Geochemistry, Mineralogy, Volcanology News

Using Satellites and Supercomputers to Track Arctic Volcanoes

New data sets from the ArcticDEM project help scientists track elevation changes from natural hazards like volcanoes and landslides before, during, and long after the events.

By Lara Streiff

Conical clues of volcanic activity speckle the Aleutian Islands, a chain that spans the meeting place of the Pacific Ring of Fire and the edge of the Arctic. (The chain also spans the U.S. state of Alaska and the Far Eastern Federal District of Russia.) Scientists are now turning to advanced satellite imagery and supercomputing to measure the scale of natural hazards like volcanic eruptions and landslides in the Aleutians and across the Arctic surface over time.

When Mount Okmok, Alaska, unexpectedly erupted in July 2008, satellite images informed scientists that a new, 200-meter cone had grown beneath the ashy plume. But scientists suspected that topographic changes didn’t stop with the eruption and its immediate aftermath.

For long-term monitoring of the eruption, Chunli Dai, a geoscientist and senior research associate at The Ohio State University, accessed an extensive collection of digital elevation models (DEMs) recently released by ArcticDEM, a joint initiative of the National Geospatial-Intelligence Agency and National Science Foundation. With ArcticDEM, satellite images from multiple angles are processed by the Blue Waters petascale supercomputer to provide elevation measures, producing high-resolution models of the Arctic surface.

Map of the Arctic with regions color-coded for overlapping digital elevation models
In this map of ArcticDEM coverage, warmer colors indicate more overlapping data sets available for time series construction. Blue and red rectangles mark mass wasting events, triangles identify volcanoes, and red stars show locations of active layer detachments and retrogressive thaw slumps, both used for studying landslides. Credit: Chunli Dai

Dai first utilized these models to measure variations in lava thickness and estimate the volume that erupted from Tolbachik volcano in Kamchatka, Russia, in work published in Geophysical Research Letters in 2017. The success of that research guided her current applications of ArcticDEM for terrain mapping.

Monitoring long-term changes in a volcanic landscape is important, said Dai. “Ashes easily can flow away by water and by rain and then cause dramatic changes after the eruption,” she said. “Using this data, we can even see these changes…so that’s pretty new.”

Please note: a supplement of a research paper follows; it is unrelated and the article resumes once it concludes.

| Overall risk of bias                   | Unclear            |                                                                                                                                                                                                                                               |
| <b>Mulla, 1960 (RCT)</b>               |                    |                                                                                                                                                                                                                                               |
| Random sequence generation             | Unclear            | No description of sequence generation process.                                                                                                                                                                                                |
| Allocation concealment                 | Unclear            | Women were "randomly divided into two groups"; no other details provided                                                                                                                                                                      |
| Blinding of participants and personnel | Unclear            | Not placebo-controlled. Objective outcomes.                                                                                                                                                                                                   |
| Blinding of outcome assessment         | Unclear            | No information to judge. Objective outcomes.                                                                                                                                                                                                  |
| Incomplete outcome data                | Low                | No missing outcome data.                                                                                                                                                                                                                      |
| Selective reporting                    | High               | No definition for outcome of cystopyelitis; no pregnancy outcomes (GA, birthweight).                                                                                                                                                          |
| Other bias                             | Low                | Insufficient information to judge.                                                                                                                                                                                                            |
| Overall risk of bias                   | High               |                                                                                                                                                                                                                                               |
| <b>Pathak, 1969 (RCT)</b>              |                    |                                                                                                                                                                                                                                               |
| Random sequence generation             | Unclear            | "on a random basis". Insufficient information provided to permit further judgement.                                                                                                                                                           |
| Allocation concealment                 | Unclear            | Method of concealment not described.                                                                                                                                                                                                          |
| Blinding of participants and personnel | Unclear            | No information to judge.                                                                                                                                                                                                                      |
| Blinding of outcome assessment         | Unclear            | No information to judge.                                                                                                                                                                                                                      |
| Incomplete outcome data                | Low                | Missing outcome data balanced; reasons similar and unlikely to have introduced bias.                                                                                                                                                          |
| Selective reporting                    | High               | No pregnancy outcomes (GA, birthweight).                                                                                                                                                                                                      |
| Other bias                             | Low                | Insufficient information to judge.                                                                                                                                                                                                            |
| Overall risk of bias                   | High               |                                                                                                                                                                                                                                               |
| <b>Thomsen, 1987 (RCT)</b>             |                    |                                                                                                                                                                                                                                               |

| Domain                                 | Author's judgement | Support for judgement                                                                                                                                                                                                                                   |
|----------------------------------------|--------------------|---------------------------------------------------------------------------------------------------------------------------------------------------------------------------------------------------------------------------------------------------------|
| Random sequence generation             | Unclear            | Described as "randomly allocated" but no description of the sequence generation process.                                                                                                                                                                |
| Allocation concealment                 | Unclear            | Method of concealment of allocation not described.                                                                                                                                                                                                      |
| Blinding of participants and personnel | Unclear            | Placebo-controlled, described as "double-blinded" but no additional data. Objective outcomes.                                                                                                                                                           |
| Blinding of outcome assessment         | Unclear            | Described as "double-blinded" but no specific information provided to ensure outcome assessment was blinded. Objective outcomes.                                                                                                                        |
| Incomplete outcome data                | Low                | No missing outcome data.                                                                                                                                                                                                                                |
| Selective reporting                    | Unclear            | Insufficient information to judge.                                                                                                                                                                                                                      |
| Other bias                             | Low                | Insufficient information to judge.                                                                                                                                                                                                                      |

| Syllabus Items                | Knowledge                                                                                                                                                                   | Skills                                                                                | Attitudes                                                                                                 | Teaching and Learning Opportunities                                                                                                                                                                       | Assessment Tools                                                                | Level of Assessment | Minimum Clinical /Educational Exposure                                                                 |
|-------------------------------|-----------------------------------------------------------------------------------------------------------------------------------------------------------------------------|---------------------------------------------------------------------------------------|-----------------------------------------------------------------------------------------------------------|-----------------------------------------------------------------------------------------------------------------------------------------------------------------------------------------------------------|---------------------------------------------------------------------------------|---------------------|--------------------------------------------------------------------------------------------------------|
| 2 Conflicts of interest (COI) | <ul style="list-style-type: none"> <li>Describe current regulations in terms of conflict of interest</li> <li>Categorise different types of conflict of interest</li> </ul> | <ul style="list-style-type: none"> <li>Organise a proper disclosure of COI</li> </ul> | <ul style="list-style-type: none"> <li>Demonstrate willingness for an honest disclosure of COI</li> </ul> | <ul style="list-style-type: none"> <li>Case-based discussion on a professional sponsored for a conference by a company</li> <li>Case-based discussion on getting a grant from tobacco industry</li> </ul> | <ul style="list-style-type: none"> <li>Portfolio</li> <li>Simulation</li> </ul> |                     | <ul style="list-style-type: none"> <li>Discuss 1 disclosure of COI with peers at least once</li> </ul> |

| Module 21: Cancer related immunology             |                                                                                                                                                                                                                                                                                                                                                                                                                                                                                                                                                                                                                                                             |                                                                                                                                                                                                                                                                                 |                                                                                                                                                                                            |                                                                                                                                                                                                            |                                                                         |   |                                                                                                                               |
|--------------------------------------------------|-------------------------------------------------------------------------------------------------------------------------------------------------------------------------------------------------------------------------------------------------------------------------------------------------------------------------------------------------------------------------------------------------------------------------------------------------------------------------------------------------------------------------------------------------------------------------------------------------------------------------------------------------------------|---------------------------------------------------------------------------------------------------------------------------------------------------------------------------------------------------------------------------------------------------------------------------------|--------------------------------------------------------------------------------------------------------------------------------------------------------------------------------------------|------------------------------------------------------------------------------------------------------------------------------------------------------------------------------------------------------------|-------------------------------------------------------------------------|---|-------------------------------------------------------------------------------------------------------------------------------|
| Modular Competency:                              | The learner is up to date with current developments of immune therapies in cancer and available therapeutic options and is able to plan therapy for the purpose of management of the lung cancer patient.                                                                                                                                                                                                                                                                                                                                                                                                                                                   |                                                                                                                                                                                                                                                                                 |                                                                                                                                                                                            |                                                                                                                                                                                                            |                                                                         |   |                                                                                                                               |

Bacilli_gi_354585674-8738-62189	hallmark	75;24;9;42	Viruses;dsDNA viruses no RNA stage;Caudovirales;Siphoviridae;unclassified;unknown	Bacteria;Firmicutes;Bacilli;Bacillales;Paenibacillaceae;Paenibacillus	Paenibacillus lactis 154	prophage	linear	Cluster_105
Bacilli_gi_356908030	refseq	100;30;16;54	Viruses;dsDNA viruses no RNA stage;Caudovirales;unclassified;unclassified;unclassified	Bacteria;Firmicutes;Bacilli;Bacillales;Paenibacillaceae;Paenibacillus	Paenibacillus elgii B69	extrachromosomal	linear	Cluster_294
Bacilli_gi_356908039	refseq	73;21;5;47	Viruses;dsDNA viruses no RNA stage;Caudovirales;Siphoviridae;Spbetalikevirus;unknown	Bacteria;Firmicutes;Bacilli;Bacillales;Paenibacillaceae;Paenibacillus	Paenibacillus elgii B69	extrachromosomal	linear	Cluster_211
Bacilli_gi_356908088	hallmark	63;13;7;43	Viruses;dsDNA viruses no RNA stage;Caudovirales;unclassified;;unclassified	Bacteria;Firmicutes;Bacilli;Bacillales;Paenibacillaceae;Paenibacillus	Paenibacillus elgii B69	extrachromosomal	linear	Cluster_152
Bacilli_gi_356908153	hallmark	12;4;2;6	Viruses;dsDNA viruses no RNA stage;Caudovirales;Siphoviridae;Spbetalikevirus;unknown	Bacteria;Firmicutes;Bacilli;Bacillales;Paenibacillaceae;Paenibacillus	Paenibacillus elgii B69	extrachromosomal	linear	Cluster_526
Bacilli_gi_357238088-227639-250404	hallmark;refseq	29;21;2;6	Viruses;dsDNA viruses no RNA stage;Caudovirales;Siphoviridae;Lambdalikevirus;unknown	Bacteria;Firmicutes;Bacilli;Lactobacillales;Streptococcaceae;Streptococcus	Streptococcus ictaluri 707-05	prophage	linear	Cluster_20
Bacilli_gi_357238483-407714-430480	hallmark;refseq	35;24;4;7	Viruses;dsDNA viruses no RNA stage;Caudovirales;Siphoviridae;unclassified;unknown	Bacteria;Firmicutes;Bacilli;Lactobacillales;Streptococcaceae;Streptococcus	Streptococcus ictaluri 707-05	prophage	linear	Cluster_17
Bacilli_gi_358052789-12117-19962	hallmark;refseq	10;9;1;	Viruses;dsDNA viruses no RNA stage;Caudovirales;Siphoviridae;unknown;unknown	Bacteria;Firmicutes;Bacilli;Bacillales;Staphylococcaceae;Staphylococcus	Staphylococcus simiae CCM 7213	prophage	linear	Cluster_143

Creating time series algorithms with the ArcticDEM data set, Dai tracks elevation changes from natural events and demonstrates their potential for monitoring the Arctic region. Her work has already shown that erosion continues years after a volcanic event, providing first-of-their-kind measurements of posteruption changes to the landscape. Dai presented this research at AGU’s Fall Meeting.

Elevating Measurement Methods

“This is absolutely the best resolution DEM data we have,” said Hannah Dietterich, a research geophysicist at the U.S. Geological Survey’s Alaska Volcano Observatory not involved in the study. “Certainly, for volcanoes in Alaska, we are excited about this.”

Volcanic events have traditionally been measured by aerial surveys or drones, which are expensive and time-consuming methods for long-term study. Once a hazardous event occurs, Dietterich explained, the “before” shots in before-and-after image sets are often missing. Now, ArcticDEM measurements spanning over a decade can be utilized to better understand and monitor changes to the Arctic surface shortly following such events, as well as years later.

For example, the volcanic eruption at Okmok resulted in a sudden 200-meter elevation gain from the new cone’s formation but also showed continuing erosion rates along the cone flanks of up to 15 meters each year.

Landslides and Climate

For Dai, landslides provide an even more exciting application of ArcticDEM technology. Landslides are generally unmapped, she explained, whereas “we know the locations of volcanoes, so a lot of studies have been done.”

Mass redistribution maps for both the Karrat Fjord landslide in Greenland in 2017 and the Taan Fiord landslide in Alaska in 2015 show significant mass wasting captured by DEMs before and after the events.

“We’re hoping that our project with this new data program [will] provide a mass wasting inventory that’s really new to the community,” said Dai, “and people can use it, especially for seeing the connection to global warming.”

Climate change is associated with many landslides studied by Dai and her team, who focus on mass wasting caused by thawing permafrost. ArcticDEM is not currently intended for predictive modeling, but as more data are collected over time, patterns may emerge that could help inform future permafrost loss or coastal retreat in the Arctic, according to Dietterich. “It is the best available archive of data for when crises happen.”

Global climate trends indicate that Arctic environments will continue to change in the coming years. “If we can measure that, then we can get the linkage between global warming and its impact on the Arctic land,” said Dai.

—Lara Streiff (@laragstreiff), Science Communication Program Graduate Student, University of California, Santa Cruz

Citation: Streiff, L. (2019), Using satellites and supercomputers to track Arctic volcanoes, Eos, 100, https://doi.org/10.1029/2019EO137972. Published on 20 December 2019.
Text © 2019. The authors. CC BY-NC-ND 3.0
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